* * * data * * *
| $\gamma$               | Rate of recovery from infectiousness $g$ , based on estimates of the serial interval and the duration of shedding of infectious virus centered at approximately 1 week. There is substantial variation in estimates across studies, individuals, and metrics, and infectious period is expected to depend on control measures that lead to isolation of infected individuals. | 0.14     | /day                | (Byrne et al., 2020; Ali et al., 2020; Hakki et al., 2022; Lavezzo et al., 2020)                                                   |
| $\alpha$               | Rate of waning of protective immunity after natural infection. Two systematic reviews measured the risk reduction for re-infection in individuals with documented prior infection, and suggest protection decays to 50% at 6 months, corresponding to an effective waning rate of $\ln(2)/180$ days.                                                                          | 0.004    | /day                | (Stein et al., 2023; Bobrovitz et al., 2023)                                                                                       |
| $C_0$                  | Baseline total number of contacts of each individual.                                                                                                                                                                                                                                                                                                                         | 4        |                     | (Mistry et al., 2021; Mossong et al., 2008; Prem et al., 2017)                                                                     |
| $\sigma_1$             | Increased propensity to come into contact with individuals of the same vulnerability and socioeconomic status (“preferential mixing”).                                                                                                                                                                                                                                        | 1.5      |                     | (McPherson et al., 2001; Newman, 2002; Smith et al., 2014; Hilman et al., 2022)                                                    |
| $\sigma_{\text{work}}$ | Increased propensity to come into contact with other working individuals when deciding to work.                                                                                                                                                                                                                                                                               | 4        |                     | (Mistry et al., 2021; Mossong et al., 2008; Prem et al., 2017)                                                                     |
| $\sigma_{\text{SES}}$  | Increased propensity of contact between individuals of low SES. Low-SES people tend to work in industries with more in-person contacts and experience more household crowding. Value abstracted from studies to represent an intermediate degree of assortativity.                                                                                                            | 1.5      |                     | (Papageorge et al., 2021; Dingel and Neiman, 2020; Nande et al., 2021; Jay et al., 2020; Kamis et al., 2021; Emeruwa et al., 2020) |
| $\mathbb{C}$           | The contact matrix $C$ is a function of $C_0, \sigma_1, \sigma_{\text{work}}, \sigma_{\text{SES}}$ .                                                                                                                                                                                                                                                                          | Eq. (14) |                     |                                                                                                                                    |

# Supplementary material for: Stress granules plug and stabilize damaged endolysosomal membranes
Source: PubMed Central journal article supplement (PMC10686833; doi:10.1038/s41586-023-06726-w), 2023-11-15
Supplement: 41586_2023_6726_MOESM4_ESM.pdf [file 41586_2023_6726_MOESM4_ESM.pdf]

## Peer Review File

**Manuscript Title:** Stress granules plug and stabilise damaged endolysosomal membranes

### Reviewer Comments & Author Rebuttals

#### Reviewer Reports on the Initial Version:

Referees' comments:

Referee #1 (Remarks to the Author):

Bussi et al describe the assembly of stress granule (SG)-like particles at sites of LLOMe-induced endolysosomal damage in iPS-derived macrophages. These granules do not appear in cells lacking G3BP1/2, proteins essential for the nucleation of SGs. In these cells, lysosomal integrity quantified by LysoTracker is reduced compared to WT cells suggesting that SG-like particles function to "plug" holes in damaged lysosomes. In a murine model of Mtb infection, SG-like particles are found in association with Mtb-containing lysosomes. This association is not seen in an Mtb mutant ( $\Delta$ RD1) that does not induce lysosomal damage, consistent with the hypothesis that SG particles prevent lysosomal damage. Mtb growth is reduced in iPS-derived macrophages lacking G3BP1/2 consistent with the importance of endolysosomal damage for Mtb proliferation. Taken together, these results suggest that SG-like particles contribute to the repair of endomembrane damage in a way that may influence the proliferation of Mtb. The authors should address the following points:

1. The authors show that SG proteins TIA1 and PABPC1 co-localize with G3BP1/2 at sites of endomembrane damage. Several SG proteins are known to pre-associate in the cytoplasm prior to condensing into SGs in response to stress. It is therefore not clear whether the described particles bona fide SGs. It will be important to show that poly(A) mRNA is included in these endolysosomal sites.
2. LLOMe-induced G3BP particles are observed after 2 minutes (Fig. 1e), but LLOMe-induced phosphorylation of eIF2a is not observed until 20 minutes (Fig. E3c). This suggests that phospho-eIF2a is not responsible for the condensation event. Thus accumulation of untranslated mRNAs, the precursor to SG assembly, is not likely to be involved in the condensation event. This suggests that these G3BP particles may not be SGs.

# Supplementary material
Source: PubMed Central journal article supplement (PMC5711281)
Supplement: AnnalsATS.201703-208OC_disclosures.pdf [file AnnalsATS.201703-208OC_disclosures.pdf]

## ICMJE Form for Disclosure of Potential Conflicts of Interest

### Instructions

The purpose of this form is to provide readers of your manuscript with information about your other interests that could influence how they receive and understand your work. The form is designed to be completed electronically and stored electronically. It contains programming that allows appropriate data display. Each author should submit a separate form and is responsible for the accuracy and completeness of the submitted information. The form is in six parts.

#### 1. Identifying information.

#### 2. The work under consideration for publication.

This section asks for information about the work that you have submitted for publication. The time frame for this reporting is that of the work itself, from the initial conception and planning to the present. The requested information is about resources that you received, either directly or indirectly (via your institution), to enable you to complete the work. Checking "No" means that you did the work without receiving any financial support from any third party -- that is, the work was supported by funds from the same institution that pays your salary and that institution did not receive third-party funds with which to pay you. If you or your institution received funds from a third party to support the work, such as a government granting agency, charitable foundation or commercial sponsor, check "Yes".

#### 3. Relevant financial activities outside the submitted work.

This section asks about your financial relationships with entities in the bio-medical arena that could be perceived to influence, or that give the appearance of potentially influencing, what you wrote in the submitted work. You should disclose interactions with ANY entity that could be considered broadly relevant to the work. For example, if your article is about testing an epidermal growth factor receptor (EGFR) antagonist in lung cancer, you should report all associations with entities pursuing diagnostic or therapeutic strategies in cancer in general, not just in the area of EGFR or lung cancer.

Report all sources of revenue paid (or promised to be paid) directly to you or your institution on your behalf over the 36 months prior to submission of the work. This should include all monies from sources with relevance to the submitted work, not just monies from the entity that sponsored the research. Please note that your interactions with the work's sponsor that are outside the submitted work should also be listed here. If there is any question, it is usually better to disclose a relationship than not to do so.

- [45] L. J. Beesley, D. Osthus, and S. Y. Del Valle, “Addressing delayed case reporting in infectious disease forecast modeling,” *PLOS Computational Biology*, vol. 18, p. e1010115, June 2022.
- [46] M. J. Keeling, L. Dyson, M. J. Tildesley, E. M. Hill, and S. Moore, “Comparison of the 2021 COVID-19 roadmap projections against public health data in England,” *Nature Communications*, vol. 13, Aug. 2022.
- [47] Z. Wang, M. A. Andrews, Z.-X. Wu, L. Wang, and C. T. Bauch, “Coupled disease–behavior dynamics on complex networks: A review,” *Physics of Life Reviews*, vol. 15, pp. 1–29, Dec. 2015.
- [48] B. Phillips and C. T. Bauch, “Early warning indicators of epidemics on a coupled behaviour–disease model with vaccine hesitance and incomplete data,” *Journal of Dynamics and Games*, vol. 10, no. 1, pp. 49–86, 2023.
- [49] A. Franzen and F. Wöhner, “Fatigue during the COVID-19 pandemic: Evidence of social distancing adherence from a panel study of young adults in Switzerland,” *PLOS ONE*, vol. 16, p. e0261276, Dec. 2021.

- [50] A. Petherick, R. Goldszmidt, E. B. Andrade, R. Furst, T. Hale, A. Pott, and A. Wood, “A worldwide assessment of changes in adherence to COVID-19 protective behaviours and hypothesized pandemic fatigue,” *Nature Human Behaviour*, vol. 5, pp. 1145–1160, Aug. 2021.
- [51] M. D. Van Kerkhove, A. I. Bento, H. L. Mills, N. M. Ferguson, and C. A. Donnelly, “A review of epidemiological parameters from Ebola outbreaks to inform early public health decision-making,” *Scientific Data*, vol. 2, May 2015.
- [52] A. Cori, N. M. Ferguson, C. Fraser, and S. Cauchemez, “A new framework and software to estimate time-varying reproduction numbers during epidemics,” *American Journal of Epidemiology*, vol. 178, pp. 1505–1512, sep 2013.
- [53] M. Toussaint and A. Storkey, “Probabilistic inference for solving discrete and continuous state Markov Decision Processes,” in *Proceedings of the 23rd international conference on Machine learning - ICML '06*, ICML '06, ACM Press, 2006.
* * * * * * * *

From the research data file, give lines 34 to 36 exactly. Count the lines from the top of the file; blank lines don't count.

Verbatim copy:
- [47] Z. Wang, M. A. Andrews, Z.-X. Wu, L. Wang, and C. T. Bauch, “Coupled disease–behavior dynamics on complex networks: A review,” *Physics of Life Reviews*, vol. 15, pp. 1–29, Dec. 2015.
- [48] B. Phillips and C. T. Bauch, “Early warning indicators of epidemics on a coupled behaviour–disease model with vaccine hesitance and incomplete data,” *Journal of Dynamics and Games*, vol. 10, no. 1, pp. 49–86, 2023.
- [49] A. Franzen and F. Wöhner, “Fatigue during the COVID-19 pandemic: Evidence of social distancing adherence from a panel study of young adults in Switzerland,” *PLOS ONE*, vol. 16, p. e0261276, Dec. 2021.